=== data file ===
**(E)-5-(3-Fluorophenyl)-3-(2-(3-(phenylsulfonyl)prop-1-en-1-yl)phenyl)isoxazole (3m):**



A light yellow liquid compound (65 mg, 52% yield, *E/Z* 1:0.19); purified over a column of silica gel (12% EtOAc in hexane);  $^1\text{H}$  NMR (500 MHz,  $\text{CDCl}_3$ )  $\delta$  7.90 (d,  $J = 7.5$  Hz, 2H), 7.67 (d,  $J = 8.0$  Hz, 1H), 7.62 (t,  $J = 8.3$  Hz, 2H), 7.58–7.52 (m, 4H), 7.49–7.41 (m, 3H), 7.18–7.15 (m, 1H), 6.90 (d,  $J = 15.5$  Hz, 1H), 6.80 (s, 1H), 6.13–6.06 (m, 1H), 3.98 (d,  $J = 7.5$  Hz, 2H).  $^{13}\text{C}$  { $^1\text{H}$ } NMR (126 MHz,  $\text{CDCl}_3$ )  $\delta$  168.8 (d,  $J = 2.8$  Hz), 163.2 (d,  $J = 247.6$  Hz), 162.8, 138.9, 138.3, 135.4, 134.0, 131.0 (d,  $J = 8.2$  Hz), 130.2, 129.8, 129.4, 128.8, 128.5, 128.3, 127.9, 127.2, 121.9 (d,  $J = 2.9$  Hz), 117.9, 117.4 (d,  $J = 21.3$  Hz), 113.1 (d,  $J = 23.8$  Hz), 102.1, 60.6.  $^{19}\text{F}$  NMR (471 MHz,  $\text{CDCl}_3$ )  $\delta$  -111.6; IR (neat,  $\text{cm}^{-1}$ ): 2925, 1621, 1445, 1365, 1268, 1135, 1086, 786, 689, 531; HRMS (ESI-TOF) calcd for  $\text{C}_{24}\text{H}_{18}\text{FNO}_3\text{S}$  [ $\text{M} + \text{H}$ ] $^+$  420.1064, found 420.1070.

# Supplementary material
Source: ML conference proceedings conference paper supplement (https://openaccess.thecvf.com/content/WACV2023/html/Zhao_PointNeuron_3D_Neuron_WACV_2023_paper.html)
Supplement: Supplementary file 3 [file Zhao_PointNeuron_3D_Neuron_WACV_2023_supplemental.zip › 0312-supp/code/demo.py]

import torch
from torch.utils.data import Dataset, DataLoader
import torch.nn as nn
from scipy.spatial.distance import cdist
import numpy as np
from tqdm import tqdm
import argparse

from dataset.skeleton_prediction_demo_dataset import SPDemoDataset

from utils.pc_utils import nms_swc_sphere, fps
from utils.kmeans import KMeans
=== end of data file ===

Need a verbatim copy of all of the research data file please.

**(E)-5-(3-Fluorophenyl)-3-(2-(3-(phenylsulfonyl)prop-1-en-1-yl)phenyl)isoxazole (3m):**



A light yellow liquid compound (65 mg, 52% yield, *E/Z* 1:0.19); purified over a column of silica gel (12% EtOAc in hexane);  $^1\text{H}$  NMR (500 MHz,  $\text{CDCl}_3$ )  $\delta$  7.90 (d,  $J = 7.5$  Hz, 2H), 7.67 (d,  $J = 8.0$  Hz, 1H), 7.62 (t,  $J = 8.3$  Hz, 2H), 7.58–7.52 (m, 4H), 7.49–7.41 (m, 3H), 7.18–7.15 (m, 1H), 6.90 (d,  $J = 15.5$  Hz, 1H), 6.80 (s, 1H), 6.13–6.06 (m, 1H), 3.98 (d,  $J = 7.5$  Hz, 2H).  $^{13}\text{C}$  { $^1\text{H}$ } NMR (126 MHz,  $\text{CDCl}_3$ )  $\delta$  168.8 (d,  $J = 2.8$  Hz), 163.2 (d,  $J = 247.6$  Hz), 162.8, 138.9, 138.3, 135.4, 134.0, 131.0 (d,  $J = 8.2$  Hz), 130.2, 129.8, 129.4, 128.8, 128.5, 128.3, 127.9, 127.2, 121.9 (d,  $J = 2.9$  Hz), 117.9, 117.4 (d,  $J = 21.3$  Hz), 113.1 (d,  $J = 23.8$  Hz), 102.1, 60.6.  $^{19}\text{F}$  NMR (471 MHz,  $\text{CDCl}_3$ )  $\delta$  -111.6; IR (neat,  $\text{cm}^{-1}$ ): 2925, 1621, 1445, 1365, 1268, 1135, 1086, 786, 689, 531; HRMS (ESI-TOF) calcd for  $\text{C}_{24}\text{H}_{18}\text{FNO}_3\text{S}$  [ $\text{M} + \text{H}$ ] $^+$  420.1064, found 420.1070.

# Supplementary material
Source: ML conference proceedings conference paper supplement (https://openaccess.thecvf.com/content/WACV2023/html/Zhao_PointNeuron_3D_Neuron_WACV_2023_paper.html)
Supplement: Supplementary file 3 [file Zhao_PointNeuron_3D_Neuron_WACV_2023_supplemental.zip › 0312-supp/code/demo.py]

import torch
from torch.utils.data import Dataset, DataLoader
import torch.nn as nn
from scipy.spatial.distance import cdist
import numpy as np
from tqdm import tqdm
import argparse

from dataset.skeleton_prediction_demo_dataset import SPDemoDataset

from utils.pc_utils import nms_swc_sphere, fps
from utils.kmeans import KMeans